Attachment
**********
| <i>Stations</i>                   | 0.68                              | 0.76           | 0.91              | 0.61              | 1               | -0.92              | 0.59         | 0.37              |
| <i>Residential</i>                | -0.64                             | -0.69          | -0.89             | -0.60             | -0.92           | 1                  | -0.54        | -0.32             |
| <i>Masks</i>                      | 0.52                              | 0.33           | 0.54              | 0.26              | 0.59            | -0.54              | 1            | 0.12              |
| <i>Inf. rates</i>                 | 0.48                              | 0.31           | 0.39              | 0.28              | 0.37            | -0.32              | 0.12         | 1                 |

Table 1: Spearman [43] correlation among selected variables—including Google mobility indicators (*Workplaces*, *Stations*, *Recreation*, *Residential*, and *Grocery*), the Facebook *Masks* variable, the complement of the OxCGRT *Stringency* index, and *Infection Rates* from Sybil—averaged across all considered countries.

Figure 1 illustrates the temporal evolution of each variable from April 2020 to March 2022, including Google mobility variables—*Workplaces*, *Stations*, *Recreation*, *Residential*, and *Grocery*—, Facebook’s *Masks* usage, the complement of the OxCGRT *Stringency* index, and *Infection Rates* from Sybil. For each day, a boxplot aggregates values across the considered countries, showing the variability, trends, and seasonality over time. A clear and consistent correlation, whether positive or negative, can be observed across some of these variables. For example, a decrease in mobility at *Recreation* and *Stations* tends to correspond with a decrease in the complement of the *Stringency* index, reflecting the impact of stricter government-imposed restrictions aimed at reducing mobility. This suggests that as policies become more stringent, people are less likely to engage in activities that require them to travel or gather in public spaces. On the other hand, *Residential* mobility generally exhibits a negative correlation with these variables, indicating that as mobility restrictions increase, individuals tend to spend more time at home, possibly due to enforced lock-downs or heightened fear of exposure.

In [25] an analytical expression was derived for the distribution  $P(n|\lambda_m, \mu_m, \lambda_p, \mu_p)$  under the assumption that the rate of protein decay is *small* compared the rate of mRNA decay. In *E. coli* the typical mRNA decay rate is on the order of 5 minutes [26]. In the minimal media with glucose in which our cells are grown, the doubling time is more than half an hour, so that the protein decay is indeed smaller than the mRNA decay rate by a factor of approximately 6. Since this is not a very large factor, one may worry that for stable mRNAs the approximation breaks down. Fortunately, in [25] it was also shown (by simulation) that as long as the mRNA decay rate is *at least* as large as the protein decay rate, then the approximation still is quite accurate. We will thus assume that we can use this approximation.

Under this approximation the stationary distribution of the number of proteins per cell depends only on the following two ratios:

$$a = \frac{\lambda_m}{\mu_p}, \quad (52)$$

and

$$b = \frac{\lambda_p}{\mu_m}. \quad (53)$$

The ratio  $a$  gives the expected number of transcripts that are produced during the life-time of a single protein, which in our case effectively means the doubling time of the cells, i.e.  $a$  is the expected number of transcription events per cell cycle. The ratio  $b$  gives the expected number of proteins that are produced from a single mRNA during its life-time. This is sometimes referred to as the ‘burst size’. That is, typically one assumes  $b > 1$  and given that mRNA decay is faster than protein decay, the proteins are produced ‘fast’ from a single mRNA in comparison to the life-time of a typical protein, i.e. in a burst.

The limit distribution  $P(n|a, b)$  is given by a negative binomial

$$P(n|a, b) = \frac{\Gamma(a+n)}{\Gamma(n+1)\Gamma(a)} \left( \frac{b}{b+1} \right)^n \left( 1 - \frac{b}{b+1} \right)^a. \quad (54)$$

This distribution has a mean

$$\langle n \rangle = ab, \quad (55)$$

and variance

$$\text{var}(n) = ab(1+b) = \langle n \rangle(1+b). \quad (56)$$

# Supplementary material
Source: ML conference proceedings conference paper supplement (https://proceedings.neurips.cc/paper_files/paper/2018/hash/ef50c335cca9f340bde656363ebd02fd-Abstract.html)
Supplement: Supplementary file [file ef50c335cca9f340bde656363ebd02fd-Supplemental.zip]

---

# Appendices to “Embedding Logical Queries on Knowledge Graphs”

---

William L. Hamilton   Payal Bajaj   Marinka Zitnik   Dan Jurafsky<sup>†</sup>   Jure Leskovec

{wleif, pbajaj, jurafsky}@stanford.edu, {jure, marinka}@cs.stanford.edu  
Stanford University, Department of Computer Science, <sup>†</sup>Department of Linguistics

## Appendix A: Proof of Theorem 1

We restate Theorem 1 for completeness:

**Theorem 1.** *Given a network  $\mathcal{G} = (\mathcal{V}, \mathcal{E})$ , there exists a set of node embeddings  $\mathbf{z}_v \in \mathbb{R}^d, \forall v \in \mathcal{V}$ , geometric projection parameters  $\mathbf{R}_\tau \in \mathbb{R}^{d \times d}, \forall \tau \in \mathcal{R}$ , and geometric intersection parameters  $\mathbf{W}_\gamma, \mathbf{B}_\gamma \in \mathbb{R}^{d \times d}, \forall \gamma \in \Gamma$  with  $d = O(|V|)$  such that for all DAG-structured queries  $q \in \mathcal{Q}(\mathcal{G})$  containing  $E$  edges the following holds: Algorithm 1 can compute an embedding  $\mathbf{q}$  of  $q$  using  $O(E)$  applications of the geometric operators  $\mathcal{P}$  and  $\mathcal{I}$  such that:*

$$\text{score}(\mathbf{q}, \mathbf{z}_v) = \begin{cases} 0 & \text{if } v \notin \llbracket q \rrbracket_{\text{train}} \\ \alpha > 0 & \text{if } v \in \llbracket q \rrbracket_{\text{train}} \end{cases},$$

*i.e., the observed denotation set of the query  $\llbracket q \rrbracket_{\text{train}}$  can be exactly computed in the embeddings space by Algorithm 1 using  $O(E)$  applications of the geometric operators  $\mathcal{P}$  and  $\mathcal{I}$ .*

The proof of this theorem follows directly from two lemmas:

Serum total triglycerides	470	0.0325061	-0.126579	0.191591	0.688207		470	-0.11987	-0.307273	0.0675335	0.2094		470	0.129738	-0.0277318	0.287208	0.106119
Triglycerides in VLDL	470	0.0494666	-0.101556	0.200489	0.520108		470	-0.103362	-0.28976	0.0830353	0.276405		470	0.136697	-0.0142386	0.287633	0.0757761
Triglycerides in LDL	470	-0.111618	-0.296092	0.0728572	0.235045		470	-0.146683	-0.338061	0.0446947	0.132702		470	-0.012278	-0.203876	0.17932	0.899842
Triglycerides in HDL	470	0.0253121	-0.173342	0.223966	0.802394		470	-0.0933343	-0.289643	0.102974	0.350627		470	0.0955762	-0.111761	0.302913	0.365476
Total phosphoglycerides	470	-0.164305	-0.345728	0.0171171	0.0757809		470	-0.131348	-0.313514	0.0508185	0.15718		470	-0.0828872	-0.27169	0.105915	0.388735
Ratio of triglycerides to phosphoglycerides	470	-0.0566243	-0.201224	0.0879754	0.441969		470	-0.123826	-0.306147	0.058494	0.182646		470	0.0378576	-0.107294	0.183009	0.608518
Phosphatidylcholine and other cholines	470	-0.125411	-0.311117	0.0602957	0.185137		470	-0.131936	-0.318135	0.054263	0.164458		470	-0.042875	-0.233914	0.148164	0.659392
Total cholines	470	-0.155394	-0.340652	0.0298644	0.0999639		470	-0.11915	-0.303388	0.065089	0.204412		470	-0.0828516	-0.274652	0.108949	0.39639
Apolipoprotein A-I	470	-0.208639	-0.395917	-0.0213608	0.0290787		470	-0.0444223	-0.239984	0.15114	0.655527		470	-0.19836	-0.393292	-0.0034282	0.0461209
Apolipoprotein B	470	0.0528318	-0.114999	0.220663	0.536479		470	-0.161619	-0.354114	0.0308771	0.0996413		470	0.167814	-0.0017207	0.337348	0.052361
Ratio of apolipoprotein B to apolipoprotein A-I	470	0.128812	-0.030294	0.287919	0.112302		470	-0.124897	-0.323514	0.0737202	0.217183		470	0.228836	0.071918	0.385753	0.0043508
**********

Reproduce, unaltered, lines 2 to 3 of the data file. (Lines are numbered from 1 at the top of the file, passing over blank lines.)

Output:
| <i>Residential</i>                | -0.64                             | -0.69          | -0.89             | -0.60             | -0.92           | 1                  | -0.54        | -0.32             |
| <i>Masks</i>                      | 0.52                              | 0.33           | 0.54              | 0.26              | 0.59            | -0.54              | 1            | 0.12              |